With permanent GPS tracking units in the vehicles and back-end telematics software in the office, Le Hardy decided to use the system to track other aspects of driver behavior as well. An informational meeting was held at each plant to inform workers that managers would be utilizing telematics alerts and reports to measure driving speeds, spot unnecessary idling, and uncover issues such as long-way-around driving and lengthy stops at area shopping malls that would impact productivity and fuel usage. 

Drivers were put on notice that supervisors would be calling them when these behaviors were observed. Then they were asked for their cooperation and given one month to adjust to the change without punishment for violations. 

Identifying speeders

Le Hardy’s first target was speeding. He configured the telematics system with different geofences and speed thresholds for different scenarios, including 15 mph in company plants, 25 mph inside quarries, 57 mph on an access road between the company’s storage yard and its Miami plant, and 72 mph on highways.

He also set up an alert system to notify supervisors when drivers exceed those thresholds and created a disciplinary policy establishing an escalating series of penalties for violations, from verbal to written warnings and finally to two- or three-day suspensions.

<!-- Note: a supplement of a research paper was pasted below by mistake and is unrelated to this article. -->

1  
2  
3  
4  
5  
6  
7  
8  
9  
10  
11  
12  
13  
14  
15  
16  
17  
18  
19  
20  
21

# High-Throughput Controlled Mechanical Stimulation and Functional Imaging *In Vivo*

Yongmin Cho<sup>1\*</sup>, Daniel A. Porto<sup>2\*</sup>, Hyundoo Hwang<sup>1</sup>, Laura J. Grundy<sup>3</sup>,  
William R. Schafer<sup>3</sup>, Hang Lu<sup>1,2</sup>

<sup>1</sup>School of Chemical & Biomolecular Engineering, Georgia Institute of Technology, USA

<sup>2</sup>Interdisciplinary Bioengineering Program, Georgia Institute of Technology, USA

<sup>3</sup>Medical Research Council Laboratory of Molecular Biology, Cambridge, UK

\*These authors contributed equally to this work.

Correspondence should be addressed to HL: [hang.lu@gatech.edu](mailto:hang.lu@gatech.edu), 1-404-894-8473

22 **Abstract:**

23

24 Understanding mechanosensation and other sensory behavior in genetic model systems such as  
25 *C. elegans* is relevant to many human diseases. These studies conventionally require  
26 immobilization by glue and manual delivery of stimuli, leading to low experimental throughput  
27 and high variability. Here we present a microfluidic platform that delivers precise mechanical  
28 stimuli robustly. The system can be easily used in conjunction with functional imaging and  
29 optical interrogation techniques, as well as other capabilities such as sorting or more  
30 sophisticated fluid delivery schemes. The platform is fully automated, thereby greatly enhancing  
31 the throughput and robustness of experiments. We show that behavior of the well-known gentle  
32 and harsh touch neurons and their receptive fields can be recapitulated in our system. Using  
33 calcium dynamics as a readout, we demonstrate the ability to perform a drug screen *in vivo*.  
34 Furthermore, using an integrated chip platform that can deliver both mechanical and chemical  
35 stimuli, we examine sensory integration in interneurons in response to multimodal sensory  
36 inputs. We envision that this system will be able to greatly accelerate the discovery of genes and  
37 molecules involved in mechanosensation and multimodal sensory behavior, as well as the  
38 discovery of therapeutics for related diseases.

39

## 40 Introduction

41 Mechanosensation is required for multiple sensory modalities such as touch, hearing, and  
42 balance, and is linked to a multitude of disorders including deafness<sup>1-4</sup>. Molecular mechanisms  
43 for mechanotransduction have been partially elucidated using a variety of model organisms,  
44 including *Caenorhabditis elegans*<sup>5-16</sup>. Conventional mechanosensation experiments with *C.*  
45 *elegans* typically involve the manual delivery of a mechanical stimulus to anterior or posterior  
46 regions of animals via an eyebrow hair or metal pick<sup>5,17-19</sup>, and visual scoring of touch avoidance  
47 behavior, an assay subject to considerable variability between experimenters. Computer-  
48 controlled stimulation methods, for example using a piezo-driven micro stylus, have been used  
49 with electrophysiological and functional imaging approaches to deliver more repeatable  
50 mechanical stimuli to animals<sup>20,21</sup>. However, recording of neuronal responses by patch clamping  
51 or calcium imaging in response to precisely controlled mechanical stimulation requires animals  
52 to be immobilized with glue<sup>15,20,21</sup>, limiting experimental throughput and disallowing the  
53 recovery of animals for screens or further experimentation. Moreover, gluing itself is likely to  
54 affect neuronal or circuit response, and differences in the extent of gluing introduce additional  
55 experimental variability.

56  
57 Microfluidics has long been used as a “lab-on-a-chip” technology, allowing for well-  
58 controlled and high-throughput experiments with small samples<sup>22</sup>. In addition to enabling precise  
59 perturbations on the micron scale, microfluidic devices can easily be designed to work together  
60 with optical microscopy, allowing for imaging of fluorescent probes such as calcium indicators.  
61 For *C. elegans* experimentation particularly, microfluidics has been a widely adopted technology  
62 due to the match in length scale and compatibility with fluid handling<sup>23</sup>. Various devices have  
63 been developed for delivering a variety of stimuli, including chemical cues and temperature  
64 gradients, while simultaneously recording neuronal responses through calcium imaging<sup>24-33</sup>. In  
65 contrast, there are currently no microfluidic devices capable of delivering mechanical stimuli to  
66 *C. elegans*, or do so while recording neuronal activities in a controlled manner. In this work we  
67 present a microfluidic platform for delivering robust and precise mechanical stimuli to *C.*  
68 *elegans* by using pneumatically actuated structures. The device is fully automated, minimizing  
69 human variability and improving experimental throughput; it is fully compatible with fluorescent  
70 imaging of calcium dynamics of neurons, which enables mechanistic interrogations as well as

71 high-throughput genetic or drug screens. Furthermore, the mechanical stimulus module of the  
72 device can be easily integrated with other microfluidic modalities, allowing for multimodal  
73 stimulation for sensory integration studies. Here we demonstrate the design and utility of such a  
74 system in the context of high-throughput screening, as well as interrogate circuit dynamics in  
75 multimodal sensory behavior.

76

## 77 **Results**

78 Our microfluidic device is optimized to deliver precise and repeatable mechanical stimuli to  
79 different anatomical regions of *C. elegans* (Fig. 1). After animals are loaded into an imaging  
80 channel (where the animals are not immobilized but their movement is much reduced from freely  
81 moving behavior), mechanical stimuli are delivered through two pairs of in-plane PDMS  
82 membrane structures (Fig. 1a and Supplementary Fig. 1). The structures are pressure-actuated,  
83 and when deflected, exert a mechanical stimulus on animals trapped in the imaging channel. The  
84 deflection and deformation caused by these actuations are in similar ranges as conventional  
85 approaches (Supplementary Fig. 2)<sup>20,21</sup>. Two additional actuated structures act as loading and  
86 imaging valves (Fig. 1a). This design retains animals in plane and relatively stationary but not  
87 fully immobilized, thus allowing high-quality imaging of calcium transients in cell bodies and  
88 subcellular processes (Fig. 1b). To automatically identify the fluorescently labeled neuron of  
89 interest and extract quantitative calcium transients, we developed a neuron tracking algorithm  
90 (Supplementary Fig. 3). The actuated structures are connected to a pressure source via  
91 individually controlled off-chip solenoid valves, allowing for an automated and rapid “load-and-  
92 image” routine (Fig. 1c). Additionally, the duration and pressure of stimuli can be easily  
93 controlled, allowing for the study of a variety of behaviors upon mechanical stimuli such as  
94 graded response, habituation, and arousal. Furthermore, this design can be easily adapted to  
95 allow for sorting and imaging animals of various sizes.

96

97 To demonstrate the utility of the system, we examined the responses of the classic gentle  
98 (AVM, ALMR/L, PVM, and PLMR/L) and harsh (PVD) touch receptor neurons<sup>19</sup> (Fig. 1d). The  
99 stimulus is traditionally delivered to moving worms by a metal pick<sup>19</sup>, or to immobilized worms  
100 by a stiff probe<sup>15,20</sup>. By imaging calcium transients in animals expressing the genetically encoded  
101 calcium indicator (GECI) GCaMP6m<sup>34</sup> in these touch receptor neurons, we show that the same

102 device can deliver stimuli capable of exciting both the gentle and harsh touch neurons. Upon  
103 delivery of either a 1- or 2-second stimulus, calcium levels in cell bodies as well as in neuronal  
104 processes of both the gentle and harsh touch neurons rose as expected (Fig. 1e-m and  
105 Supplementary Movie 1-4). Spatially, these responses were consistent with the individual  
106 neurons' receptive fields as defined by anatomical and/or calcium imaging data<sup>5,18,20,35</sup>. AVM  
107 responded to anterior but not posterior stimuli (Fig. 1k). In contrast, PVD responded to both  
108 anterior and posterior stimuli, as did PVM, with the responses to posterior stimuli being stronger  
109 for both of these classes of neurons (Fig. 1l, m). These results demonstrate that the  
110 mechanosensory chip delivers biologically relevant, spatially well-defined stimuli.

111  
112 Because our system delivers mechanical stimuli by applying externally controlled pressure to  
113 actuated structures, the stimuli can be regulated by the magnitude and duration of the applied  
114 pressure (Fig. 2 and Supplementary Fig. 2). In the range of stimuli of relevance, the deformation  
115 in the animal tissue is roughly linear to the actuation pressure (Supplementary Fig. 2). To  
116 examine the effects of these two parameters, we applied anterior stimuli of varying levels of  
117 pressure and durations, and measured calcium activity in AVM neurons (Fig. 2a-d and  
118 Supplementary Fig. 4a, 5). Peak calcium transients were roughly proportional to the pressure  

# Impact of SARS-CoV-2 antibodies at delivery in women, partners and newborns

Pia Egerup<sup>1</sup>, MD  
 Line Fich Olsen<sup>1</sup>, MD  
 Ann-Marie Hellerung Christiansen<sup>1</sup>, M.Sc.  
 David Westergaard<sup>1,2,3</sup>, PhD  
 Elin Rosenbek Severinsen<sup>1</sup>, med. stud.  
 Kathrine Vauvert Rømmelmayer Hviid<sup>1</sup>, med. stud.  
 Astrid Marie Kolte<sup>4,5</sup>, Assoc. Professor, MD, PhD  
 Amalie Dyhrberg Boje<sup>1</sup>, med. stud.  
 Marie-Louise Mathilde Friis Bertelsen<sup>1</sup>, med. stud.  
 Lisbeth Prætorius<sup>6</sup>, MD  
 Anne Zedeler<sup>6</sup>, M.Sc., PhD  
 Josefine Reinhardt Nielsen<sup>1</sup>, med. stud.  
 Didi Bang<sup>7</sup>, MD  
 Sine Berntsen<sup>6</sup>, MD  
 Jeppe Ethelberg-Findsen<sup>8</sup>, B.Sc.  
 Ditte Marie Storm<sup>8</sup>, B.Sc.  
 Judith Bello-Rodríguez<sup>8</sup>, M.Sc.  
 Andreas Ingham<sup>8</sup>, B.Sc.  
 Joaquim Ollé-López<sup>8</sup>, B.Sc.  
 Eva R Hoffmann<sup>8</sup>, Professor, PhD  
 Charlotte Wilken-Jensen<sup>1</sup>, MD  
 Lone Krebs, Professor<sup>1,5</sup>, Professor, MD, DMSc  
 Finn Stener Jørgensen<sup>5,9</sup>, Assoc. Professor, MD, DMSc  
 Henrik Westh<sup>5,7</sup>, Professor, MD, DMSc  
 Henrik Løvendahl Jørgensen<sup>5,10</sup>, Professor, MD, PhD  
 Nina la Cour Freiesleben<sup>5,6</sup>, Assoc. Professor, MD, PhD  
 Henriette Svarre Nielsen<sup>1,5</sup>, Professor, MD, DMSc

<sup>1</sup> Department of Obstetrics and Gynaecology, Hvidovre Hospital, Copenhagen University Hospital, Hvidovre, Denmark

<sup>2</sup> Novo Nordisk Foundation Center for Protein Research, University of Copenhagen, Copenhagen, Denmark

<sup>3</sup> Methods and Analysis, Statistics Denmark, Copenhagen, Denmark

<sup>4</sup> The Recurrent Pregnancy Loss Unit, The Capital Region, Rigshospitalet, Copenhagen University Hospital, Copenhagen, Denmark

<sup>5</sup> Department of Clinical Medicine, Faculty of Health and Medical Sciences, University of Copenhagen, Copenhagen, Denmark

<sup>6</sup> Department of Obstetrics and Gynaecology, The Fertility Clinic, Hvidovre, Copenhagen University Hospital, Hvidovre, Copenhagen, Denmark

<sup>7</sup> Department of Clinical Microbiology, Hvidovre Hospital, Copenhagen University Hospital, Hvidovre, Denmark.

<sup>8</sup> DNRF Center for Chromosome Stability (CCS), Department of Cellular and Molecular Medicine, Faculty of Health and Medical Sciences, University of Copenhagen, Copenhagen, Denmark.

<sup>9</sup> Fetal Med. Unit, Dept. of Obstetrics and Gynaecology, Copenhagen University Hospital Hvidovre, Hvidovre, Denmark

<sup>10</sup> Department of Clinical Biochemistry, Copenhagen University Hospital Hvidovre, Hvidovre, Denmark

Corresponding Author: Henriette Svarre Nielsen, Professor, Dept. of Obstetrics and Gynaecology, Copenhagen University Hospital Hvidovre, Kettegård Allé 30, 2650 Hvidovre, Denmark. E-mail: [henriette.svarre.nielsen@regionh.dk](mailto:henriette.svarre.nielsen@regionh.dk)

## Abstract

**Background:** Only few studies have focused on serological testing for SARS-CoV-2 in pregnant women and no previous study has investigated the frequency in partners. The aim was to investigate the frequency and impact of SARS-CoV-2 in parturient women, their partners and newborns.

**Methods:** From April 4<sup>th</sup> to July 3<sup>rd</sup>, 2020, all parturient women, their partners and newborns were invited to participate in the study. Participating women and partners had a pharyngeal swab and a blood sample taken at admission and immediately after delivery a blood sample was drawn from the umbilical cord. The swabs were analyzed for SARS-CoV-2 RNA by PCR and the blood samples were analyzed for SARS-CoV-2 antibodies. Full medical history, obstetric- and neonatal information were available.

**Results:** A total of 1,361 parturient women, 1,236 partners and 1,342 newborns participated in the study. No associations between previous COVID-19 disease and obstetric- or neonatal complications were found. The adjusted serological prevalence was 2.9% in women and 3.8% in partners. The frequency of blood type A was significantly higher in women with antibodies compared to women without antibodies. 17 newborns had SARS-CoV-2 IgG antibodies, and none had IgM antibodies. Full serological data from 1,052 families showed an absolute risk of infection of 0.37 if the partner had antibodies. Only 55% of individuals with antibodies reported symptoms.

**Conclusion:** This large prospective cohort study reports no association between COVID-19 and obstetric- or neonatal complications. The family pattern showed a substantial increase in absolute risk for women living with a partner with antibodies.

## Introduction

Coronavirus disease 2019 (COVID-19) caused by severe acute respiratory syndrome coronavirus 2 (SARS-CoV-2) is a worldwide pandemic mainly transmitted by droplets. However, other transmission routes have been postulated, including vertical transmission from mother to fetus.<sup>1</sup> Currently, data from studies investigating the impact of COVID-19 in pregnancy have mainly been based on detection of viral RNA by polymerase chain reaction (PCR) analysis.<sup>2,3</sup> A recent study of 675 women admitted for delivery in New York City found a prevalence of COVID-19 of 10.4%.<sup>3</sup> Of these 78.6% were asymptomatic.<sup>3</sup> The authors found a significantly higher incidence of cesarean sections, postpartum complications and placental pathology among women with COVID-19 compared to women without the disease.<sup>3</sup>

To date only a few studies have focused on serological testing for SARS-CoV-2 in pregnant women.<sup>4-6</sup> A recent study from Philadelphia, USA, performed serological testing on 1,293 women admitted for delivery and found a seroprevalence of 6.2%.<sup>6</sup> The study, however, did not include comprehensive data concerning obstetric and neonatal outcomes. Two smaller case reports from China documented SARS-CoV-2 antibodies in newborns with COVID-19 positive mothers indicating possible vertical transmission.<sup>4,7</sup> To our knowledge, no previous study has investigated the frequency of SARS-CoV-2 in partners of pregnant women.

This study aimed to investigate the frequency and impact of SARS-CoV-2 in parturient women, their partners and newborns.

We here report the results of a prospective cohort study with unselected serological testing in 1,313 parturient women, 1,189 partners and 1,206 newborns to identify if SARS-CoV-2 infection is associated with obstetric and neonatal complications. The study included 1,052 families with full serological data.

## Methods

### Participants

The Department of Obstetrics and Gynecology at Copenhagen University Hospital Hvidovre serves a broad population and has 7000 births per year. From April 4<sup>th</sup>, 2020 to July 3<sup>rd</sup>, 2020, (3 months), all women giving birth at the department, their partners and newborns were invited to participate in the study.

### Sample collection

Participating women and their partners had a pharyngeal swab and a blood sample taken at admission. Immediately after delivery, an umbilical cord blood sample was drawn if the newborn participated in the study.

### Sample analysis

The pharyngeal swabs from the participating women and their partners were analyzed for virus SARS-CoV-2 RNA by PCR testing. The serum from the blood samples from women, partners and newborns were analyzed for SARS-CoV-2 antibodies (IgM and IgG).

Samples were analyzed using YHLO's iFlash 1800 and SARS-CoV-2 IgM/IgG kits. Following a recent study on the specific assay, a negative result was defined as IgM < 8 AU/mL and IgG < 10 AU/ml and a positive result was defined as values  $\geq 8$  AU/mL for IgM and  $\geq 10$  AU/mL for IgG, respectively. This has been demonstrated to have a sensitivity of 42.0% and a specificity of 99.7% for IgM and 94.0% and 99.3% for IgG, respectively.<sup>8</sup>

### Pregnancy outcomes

In June 2013, the grace-period month, Community Asphalt managers received 255 speeding alerts. That fell to 201 in July and plummeted to 36 in August. Since then the numbers have fluctuated from 20 to 90, almost always coming in on the lower end of the range. Map printouts from the telematics system show the location, time and speed of the violation, providing validation if further disciplinary action is required. 

Reducing idling

Idling violations are handled differently. Le Hardy set up the telematics system to alert supervisors by email if a truck inside a company plant or storage yard doesn’t move more than 33 feet in 30 minutes. (“The only time we allow idling is if a truck is loaded with asphalt because we can’t risk turning it off and not having it start up again,” he notes.) Instead of disciplining drivers when they get back to base, however, company policy is to stop the problem immediately without disciplinary consequences.

“We instructed our supervisors to pick up the phone and call the guy who’s idling and tell him to turn off the truck. They’re not supposed to wait for a second or third email or the end of the shift. It’s better to stop the idling on the spot,” LeHardy says. “If a driver is waiting to get a load of milling or for any other reason, he has to turn his truck off.”